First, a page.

Soldier & Sailor Money Matters After Discharge - 1919

Motor Transport Corps Training School Earn While You Learn.

Motor Transport Corps Training School Earn While You Learn. U.S. Army Motor Transport Corps Recruiting Poster Showing Two Men Working in an Auto Repair Shop, Also Shows Truck from the Army Motor Transport Corps. Drawn by Sgt. E.R. Euler, MTC, 1919. Library of Congress LC # 00651837.GGA Image ID # 1970a078a0

When Am I Going To Be Discharged?

It is the policy of the War Department to discharge all enlisted personnel at the earliest possible moment, excepting those who enlisted in the old Regular Army prior to April 1, 1917, and those physically incapacitated by wounds of battle, accident, or disease. The physically incapacitated will be sent direct from the ports of debarkation to appropriate service hospitals.

Discharges will be accomplished at the demobilization centre nearest your home. According to the Chief of Staff, it should not take more than 48 hours in the case of any individual soldier arrived from overseas at a demobilization camp, with his papers and records in proper form, to effect his discharge.

Men without service records, under Circular 148, War Department, 1918, may be discharged on supplementary service records based on their affidavits.

If any organization drawn from a particular locality, having arrived for demobilization, wishes to parade, it is the policy of the War Department to authorize the parade and help in every possible way; but when this would involve remaining in the service for weeks awaiting the arrival of other units of the same division, parading must be voluntary.

The Money End of It

On the day, an officer or enlisted man is discharged, these things happen to him financially:—

  • His pay and any allotments he may have made, cease. Allowances to dependent relatives, however, will continue for one month thereafter.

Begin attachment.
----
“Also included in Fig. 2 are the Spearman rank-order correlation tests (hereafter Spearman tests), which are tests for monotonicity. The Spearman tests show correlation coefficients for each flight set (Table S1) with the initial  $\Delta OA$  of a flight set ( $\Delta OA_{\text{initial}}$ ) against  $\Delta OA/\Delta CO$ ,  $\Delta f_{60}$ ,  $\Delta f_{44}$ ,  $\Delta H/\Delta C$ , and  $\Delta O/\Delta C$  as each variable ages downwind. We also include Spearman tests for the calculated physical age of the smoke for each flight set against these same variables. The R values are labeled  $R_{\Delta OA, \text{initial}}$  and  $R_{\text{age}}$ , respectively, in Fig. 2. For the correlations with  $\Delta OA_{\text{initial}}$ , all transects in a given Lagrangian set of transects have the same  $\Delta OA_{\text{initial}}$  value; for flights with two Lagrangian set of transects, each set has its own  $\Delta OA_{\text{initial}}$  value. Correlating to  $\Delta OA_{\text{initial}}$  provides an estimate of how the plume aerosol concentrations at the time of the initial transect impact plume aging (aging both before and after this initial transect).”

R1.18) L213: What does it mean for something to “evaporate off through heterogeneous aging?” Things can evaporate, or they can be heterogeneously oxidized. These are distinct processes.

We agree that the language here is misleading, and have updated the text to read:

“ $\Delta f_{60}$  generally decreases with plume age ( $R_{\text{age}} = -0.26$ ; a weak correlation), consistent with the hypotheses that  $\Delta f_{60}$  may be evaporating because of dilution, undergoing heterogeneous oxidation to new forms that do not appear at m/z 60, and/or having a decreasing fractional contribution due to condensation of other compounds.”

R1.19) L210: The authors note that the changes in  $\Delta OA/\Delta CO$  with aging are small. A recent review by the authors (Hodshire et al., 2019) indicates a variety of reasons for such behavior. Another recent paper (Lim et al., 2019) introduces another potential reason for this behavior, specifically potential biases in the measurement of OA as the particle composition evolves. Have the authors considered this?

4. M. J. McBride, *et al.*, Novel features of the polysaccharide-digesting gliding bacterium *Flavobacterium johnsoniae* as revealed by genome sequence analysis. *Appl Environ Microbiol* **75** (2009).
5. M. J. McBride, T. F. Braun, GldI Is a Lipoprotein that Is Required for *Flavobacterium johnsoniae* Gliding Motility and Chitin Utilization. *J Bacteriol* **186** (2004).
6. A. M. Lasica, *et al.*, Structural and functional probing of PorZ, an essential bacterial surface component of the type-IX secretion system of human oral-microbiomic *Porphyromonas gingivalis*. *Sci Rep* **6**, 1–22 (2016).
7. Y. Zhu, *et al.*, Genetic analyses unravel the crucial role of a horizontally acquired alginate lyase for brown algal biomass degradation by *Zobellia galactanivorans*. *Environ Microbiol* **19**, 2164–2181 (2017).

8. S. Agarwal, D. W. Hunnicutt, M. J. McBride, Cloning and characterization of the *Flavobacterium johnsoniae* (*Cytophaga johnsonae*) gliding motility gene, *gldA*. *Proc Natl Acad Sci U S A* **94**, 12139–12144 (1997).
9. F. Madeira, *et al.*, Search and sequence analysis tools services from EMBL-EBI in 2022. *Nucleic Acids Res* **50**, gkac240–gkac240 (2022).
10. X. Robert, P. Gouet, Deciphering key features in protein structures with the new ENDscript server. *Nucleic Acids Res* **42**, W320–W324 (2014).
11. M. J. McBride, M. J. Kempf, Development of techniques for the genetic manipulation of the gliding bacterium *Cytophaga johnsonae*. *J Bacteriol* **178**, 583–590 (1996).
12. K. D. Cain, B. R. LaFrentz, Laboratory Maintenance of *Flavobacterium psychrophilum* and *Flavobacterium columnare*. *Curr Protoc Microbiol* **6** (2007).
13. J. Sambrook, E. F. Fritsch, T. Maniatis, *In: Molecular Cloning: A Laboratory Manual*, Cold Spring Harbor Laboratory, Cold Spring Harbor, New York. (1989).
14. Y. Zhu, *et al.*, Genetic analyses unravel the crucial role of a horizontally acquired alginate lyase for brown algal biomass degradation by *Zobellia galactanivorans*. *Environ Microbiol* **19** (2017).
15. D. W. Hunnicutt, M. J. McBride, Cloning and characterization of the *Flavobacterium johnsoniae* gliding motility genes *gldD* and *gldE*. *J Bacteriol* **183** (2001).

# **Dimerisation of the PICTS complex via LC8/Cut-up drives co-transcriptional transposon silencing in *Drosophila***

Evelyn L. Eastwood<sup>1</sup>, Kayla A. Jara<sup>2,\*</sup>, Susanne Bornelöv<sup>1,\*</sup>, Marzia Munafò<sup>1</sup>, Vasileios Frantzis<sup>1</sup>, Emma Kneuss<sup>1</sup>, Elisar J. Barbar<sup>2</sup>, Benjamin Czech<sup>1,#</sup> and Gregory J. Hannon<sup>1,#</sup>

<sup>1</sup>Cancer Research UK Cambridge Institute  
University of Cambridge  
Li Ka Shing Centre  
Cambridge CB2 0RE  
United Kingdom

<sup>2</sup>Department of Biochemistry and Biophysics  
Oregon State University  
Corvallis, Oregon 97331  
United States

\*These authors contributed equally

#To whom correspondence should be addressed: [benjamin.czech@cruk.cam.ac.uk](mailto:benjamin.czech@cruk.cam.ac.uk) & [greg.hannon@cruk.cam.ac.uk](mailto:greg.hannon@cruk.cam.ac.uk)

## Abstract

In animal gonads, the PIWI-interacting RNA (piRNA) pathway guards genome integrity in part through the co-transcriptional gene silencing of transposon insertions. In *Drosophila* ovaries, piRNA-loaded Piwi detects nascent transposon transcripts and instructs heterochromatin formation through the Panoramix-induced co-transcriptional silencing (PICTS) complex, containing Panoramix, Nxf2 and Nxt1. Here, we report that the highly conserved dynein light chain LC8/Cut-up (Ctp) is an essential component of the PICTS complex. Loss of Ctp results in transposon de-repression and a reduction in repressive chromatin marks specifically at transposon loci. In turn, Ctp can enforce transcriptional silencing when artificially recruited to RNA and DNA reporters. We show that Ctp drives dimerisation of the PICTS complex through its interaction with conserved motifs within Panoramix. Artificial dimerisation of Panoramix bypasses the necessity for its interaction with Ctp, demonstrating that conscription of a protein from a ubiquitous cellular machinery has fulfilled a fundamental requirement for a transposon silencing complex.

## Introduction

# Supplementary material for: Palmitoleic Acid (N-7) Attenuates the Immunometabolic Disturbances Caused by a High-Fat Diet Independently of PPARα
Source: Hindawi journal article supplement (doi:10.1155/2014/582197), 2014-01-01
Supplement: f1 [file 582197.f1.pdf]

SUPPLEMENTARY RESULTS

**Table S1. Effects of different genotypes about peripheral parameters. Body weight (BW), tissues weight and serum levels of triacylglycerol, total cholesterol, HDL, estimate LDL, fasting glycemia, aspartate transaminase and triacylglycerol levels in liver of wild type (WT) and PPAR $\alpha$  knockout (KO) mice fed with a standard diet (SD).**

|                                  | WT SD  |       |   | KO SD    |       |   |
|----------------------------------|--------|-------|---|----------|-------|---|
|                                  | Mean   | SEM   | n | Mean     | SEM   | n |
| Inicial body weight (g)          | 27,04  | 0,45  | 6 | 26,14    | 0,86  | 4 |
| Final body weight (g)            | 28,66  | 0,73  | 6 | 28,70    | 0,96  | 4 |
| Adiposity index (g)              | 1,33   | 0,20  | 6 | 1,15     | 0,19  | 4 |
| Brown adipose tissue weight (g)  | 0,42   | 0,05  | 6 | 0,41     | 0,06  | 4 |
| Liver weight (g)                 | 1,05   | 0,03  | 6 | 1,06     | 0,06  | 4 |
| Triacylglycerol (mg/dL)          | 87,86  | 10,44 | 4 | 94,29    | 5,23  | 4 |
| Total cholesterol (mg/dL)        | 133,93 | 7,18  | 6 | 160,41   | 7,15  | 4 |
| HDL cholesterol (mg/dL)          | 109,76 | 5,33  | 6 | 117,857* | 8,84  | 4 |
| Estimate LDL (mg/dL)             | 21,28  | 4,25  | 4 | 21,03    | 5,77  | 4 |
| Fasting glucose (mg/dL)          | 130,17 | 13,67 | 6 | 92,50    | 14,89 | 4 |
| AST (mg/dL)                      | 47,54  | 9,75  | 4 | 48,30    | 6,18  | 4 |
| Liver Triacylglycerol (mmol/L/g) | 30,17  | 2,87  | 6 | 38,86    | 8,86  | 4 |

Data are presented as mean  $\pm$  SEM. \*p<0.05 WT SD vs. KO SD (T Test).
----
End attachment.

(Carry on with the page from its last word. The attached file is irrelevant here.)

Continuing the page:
• If he is from overseas, he resumes the payment of postage.
  • He receives a bonus of $60.00 when "honorably" discharged.
  • He is paid a travel allowance of 5c a mile from the place of his discharge to the place where he was inducted into the service, or to his actual bona fide home or residence.

Enlisted men discharged between November 11, 1918, and February 28, 1919, and later, who received 3 1/2 cents per mile travel allowance, are now allowed the difference between 3 1/2 cents and 5 cents, or 1 1/2 cents a mile, according to a decision of the Comptroller of the Treasury dated April 17, 1919. Application should be made to The Zone Finance Officer, Lemon Building, Washington, D. C.

Write in the lower left corner of the envelope:

Attention Additional Travel Pay Section.

An officer's travel allowance is computed at 4c a mile from the place of discharge to the place of acceptance of his commission, or to the place of his original entry into service.

In addition to this travel allowance, officers and enlisted men are entitled to purchase a ticket home for two-thirds of the regular fare, providing that the purchase is made, and the journey begun within 24 hours after being discharged.

In the case of a draft man, this place is where the Local Board which inducted him "for immediate military service" was located, and not the place from which he was summoned to appear before the Local Board.

In the case of a National Guardsman it is the rendezvous where his organization was mustered into the Federal Service.

Your War-Risk Insurance

Hold on to your insurance, and pay the premiums when due, no matter what sacrifice this may entail. There is nothing which makes for self-respect so much as a consciousness that one is insured. There is no greater boon in our modern civilization than life insurance. The man who can't afford to die can't afford to live.

The Government's plan of insurance and compensation, with its provisions covering disability, was devised to take the place of a pension system. Therefore don't you, and don't let any pal of yours with whom you may have any influence, drop insurance.

Your present insurance is what is known as one-year renewable term insurance.

It is an emergency war-time measure. In recognition of your services, and of the necessity of providing for your dependents, the Government, instead of charging you a higher rate of premium than civilians, provided and provides insurance at a lower rate than a civilian could possibly obtain it. This is possible because the Government charges the policyholders nothing for administration, and bears the extra mortality costs.